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the Complete Review
the complete review - politics

On the Abolition
of all Political Parties

Simone Weil

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To purchase On the Abolition of all Political Parties

Title: On the Abolition of all Political Parties
Author: Simone Weil
Genre: Non-fiction
Written: (1943) (Eng. 2013)
Length: 75 pages
Original in: French
Availability: On the Abolition of all Political Parties - US
On the Abolition of all Political Parties - UK
On the Abolition of all Political Parties - Canada
Note sur la suppression générale des partis politiques - Canada
Note sur la suppression générale des partis politiques - France
Anm. zur generellen Abschaffung der politischen Parteien - Deutschland
Manifesto per la soppressione dei partiti politici - Italia
Nota sobre la supresión general de los partidos políticos - España
from: Bookshop.org (US)
  • French title: Note sur la suppression générale des partis politiques
  • First published in La Table ronde in 1950
  • Translated and with a Foreword by Pierre Ryckmans (Simon Leys)
  • With an essay by Czesław Miłosz on 'The Importance of Simone Weil'
  • With an afterword by Simon Leys on 'Miłosz and the Friendship of Camus'
  • Also translated by Ames Hodges as Note on the Abolition of All Political Parties (2013)

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Our Assessment:

(--) : nicely assembeled little volume

See our review for fuller assessment.

Review Summaries
Source Rating Date Reviewer
The Australian . 9/2/2013 Geordie Williamson
Irish Times . 21/3/2015 J.-W. Mueller
Süddeutsche Zeitung . 17/10/2010 Jens Bisky

  From the Reviews:
  • "What makes her thought so special, so bracing and so strange, is its combination of philosophical rigour and spiritual compass. Like any secular thinker she starts with a definition of terms and proceeds with all the logical thoroughness of her great European precursors (.....) Weil's argument against party politics is too dense with implication to be unpacked in a few paragraphs. Yet her conclusion is admirably direct (....) Only in solitude, writes Weil, free from the dogmas of authority, whether issuing from church or state, can one truly aim for the good. Many sensible readers will find this an absurd position, a recipe for anarchy." - Geordie Williamson, The Australian

  • "Weil’s criticism of parties makes little sense unless one shares her belief that there is a clearly discernible common good for any country. Weil was sure of it (.....) (T)he coherence of Weil’s proposal rises and falls with the idea of a single truth, or a single common good -- ideas that democrats today tend to reject in the name of pluralism. Or do they ?" - Jan-Werner Mueller, Irish Times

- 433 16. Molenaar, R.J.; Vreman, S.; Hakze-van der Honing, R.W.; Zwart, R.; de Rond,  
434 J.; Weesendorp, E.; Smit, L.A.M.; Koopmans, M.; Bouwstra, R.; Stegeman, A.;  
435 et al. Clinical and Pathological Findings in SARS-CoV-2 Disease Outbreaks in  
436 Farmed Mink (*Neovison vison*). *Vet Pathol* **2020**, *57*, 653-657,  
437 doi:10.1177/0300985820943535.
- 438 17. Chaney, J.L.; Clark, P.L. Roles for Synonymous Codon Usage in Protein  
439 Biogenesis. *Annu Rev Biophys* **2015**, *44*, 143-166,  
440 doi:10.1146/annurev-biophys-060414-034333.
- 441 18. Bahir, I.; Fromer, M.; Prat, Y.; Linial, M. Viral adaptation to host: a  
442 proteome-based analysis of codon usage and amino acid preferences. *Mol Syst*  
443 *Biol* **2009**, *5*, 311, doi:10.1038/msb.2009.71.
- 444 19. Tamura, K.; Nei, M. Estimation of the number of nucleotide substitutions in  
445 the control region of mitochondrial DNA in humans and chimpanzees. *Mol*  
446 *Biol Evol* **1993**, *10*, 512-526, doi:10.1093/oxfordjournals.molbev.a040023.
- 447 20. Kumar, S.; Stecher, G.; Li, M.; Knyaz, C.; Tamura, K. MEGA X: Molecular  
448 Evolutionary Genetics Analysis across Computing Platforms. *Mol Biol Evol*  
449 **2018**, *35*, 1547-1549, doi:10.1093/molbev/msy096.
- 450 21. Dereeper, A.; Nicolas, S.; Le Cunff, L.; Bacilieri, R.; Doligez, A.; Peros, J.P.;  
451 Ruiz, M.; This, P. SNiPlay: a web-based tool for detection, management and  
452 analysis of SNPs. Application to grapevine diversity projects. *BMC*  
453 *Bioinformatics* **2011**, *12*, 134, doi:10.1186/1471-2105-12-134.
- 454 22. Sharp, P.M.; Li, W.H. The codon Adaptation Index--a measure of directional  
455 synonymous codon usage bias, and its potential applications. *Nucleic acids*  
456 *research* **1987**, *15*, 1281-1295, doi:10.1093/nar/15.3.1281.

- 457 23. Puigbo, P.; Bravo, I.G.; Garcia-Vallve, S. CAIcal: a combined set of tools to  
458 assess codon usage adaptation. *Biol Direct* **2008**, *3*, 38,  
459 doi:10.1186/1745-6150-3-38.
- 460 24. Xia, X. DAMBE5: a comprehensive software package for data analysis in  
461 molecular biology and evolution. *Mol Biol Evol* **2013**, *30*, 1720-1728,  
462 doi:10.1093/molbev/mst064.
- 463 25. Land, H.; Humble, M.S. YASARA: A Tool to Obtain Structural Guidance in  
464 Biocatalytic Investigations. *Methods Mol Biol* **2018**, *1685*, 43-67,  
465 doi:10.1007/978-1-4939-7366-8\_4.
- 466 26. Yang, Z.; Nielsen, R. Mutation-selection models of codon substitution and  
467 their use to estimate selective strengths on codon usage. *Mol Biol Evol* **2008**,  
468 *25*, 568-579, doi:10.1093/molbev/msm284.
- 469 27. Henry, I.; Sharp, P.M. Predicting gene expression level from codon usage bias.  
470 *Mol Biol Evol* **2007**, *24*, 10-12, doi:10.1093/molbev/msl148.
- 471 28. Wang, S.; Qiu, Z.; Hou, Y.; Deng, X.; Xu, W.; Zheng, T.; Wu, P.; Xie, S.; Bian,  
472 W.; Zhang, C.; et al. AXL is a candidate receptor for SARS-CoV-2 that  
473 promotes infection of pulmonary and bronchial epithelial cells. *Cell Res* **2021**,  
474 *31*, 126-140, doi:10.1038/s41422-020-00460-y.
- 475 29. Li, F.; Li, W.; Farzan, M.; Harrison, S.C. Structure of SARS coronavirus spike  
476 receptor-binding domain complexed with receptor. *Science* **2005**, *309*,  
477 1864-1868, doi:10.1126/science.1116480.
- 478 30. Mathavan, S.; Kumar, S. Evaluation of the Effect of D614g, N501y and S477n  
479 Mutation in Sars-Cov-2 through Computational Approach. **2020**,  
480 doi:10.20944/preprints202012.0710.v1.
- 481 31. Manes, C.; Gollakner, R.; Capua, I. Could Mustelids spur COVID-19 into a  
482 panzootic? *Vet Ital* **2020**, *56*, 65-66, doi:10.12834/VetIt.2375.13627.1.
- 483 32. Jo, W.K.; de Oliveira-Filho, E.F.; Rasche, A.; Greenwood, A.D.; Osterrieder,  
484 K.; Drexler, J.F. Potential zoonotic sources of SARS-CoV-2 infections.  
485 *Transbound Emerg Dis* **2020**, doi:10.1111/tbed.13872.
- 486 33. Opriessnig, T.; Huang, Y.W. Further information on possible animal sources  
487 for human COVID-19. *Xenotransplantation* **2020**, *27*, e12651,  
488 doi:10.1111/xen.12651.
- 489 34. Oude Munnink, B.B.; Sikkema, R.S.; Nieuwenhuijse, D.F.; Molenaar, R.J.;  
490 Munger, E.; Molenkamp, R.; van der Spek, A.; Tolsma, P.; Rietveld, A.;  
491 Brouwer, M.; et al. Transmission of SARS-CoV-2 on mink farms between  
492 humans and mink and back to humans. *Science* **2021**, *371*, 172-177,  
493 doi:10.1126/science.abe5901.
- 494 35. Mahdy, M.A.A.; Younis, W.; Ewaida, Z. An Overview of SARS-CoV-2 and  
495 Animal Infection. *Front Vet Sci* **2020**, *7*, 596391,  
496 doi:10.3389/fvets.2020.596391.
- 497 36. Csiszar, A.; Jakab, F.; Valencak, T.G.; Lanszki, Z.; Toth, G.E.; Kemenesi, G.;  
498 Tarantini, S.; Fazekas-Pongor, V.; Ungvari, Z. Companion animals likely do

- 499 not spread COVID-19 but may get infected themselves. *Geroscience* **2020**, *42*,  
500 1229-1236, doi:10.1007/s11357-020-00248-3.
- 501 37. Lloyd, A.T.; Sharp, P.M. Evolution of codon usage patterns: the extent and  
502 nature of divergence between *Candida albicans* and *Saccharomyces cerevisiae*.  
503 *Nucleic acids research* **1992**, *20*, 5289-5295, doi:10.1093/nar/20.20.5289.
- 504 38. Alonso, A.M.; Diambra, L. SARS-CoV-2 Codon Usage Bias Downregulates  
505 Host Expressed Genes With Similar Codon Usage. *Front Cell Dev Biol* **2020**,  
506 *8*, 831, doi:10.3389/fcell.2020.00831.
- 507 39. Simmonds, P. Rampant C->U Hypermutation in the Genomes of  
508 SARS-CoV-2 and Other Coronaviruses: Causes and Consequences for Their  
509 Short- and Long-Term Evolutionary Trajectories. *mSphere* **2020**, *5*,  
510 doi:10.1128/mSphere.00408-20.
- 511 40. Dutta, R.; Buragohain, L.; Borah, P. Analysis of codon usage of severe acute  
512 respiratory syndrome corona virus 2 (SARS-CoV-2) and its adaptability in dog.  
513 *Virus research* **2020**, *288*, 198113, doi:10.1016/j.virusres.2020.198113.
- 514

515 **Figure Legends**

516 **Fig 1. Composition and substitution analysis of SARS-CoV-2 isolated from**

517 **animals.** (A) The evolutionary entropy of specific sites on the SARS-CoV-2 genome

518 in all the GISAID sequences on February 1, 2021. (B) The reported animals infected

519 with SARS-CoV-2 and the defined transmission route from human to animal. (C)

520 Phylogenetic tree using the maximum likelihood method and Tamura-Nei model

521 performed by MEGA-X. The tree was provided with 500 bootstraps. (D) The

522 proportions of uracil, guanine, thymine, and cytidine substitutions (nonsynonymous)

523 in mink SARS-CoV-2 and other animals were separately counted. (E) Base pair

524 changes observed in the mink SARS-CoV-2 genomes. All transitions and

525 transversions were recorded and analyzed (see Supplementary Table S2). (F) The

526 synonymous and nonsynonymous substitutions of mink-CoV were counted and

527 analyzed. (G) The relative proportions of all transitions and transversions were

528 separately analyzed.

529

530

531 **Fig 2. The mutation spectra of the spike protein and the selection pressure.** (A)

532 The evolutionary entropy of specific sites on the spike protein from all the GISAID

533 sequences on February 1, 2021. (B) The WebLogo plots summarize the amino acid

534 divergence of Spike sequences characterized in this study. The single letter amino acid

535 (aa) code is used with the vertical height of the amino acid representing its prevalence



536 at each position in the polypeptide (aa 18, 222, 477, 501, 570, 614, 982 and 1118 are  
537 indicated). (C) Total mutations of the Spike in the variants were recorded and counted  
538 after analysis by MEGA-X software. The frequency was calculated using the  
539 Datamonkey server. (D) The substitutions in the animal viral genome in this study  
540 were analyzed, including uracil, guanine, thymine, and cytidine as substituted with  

• "Die kurze Schrift ist überreich an solchen sehr klaren, sehr strengen Sätzen. Das ist eine Sprache, die zur Meditation einlädt, nicht zum Gespräch. (...) Wenn Simone Weils "Anmerkung" heute dennoch berührt, dann vor allem durch den klaren Duktus, die rousseauistische Leidenschaft fürs Gemeinwohl und den ungeheuren Ernst der Argumentation." - Jens Bisky, Süddeutsche Zeitung

Please note that these ratings solely represent the complete review's biased interpretation and subjective opinion of the actual reviews and do not claim to accurately reflect or represent the views of the reviewers. Similarly the illustrative quotes chosen here are merely those the complete review subjectively believes represent the tenor and judgment of the review as a whole. We acknowledge (and remind and warn you) that they may, in fact, be entirely unrepresentative of the actual reviews by any other measure.

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The complete review's Review:

       In her essay On the Abolition of all Political Parties Simone Weil argues that:

The evils of political parties are all too evident; therefore, the problem that should be examined is this: do they contain enough good to compensate for their evils and make their preservation desirable ?
       Looking around, just over eighty years after Weil wrote this, political parties and various party-systems do, indeed, seem not to have all too much to recommend them, whether in essentially single-party states such as China, the United States -- dysfunctionally dominated by two parties --, or the many multi-party states around the world and the crowded, messy governing coalitions that often result (Belgium, Israel, etc.).
       Weil's basic argument is simple: "unavoidably, the party becomes in fact its own end", and rather than serving the interests of the public is focused on its own survival and success (whereby success is measured in survival, and in clinging to power).